if only it was this simple?
if only it was this simple?
this is my 500th blog post. wowsers. in a little shy of 2.5 years (
3,414 days… so just about 1 post per week on average) (1,589 days… so 1 post every 3.178 days… strangely close to pi…) [thanks for catching my math error, Tillerman]
here’s a walk down memory lane, via pictures I’ve posted here before:
my 1st Sunfish (mid 1960’s)
teaching my young boys to sail (little guy with no life jacket is just sitting there – we didn’t sail with him like that!):
sailing with my oldest son:
sailing with son #2 on Lake Erie:
my 3rd son learning how to hike out:
oldest son learning to sail!
2nd son also learning to sail!
it’s been a fun journey these last 500 posts, thanks for tagging along.
after posting the question earlier: a 1960 Corvette or (2) Sailfish, I was looking up some information on the Sailfish sailboat, and I stumbled on this video of a Sailfish sailing.
I’m not sure I’ve ever seen a sail rigged up quite that high!
here’s another great page – with highlights from the 1949 issue of LIFE magazine that showcased the Sailfish sailboat, and a restoration project to clean up an old Sailfish.
I saw this article posted a little while back over at the Yahoo Sunfish Sailor Group, and thought I’d share it: written September 20, 1982, so less than a month shy of 28 years ago in Sports Illustrated magazine.
the article was titled: “Here She Is, The True Love Boat.” it’s an interesting read, and neat to see how some things have changed in the last couple decades since the article was written, as well as how some things have more or less stayed the same. here are a few of my favorite quotes from the article:
World class racers such as Dennis Conner, of America’s Cup fame, and Gary Hoyt, who developed the Freedom class and won the first Sunfish worlds in 1972, learned to sail at the slim wooden tiller of the Sunfish.
…but when FORTUNE came up with a new list, in 1977, of the 25 best-designed contemporary products, the Sunfish was right there along with the Trimline Touch-Tone telephone, the Porsche 911 S Targa and Adidas running shoes.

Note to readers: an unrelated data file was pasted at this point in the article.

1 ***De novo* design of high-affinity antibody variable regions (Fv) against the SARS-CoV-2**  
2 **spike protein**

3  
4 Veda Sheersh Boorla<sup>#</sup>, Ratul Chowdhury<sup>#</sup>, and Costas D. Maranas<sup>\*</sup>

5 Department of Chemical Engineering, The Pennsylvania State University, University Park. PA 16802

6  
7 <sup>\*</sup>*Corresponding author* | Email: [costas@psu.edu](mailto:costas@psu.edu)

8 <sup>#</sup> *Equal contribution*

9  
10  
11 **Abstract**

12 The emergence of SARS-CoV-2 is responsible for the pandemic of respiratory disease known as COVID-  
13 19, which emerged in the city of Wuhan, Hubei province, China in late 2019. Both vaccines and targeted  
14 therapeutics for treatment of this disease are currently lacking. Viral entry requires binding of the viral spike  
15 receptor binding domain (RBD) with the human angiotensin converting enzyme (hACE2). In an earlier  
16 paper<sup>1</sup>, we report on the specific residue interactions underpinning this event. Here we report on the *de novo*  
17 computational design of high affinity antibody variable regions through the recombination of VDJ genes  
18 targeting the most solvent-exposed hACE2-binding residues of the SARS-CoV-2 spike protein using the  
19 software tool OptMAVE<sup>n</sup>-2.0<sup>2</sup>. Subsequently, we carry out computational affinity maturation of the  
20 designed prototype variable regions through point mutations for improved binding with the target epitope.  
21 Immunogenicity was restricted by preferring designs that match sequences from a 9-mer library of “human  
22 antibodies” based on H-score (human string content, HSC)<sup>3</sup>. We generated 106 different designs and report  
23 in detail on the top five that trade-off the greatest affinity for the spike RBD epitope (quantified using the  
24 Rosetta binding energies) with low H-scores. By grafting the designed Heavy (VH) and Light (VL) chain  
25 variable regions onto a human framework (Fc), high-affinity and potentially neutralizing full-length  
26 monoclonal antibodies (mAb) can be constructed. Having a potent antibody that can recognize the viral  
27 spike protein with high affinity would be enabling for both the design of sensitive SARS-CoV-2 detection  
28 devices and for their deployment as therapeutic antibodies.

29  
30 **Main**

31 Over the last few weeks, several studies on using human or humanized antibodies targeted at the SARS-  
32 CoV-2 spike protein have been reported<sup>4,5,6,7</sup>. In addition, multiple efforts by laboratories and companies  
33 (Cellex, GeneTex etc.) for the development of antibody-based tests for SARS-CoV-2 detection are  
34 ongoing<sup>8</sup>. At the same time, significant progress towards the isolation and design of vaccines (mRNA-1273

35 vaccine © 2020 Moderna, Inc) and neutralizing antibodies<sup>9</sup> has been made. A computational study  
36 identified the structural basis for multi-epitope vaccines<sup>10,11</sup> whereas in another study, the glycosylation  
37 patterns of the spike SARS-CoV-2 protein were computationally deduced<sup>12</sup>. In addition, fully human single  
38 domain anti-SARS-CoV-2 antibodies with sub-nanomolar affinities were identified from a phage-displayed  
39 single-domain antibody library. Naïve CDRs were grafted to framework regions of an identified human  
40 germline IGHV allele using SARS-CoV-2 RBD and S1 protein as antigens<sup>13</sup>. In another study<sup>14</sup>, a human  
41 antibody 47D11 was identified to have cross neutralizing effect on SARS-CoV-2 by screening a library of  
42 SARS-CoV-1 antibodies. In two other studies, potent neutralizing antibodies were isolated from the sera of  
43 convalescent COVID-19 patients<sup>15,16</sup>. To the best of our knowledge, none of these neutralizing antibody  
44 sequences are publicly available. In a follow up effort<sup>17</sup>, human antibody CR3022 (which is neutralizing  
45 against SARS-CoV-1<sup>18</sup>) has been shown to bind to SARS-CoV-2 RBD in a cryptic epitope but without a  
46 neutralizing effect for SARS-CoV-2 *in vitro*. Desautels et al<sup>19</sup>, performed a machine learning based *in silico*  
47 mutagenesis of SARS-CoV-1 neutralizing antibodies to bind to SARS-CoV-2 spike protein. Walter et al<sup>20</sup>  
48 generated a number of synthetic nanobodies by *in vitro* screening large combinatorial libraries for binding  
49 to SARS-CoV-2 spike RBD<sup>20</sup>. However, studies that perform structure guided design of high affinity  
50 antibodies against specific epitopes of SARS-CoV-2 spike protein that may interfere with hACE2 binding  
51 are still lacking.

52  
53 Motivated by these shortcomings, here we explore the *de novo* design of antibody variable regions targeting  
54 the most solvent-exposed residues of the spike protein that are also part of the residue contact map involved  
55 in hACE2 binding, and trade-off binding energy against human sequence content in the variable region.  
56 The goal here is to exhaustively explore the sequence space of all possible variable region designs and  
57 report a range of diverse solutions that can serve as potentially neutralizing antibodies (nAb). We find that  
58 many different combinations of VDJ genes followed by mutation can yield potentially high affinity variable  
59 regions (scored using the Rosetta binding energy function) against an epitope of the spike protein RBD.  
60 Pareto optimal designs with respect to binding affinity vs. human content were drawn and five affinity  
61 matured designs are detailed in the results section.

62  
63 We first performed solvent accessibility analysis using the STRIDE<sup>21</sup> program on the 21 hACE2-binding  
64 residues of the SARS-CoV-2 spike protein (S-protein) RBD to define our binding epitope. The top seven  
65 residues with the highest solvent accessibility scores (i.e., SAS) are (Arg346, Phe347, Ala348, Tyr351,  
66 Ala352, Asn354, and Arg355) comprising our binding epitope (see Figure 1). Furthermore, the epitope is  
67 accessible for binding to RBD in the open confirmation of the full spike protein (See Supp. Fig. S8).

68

on the explanation for the Sunfish symbol:
I drew a circle with a nickel and added the fins and the tail and the eye. Nothing we did was ever really accomplished with too much forethought, you know.
another quote, this one from Will White (quoted in the article), who says:
The Sunfish is pure sailing—the sail in the wind, the board in the water, and you in the hull in between—one hand on the tiller, the other on the sheet and the wind in your hair. Pure sailboat racing, too. For the racing sailor, it is the essence of yacht racing. It was the first truly one-design boat, rigidly controlled by the manufacturer, with even the sails limited to one loft and very little that could be done in the way of adding expensive go-fasts. No need for a new set of sails every year. No need to keep buying or changing expensive hardware to keep up with the latest sailing theory…
they received some very good publicity at a boat show in New York in 1948:
But they were beginning to think a little bigger and they contacted an ad man, who wangled a very small patch of space for their very small boat on the floor of New York City’s Grand Central Palace, where the 1948 New York National Boat Show was being held. Fortuitously, the Sailfish—that cute little wood chip with its perky lateen sail—wound up sitting right next to a 57-foot Wheeler yacht, the largest boat in the show. The glorious contrast between the two made the Sailfish the talk of the town.
the biggest moment, though, came when LIFE magazine published a story on the sailboats, including some great photos of them being sailed out on the water. (here is a link to the article.) if you haven’t joined the Yahoo Sunfish Sailor Group yet, you definitely should, and then search through the “Photo” section there – there is a scanned copy of the LIFE magazine article, in a little bit better quality than the Google Books link. the two magazine articles give a pretty good glimpse into the past, and some good information on how the Sunfish came to be.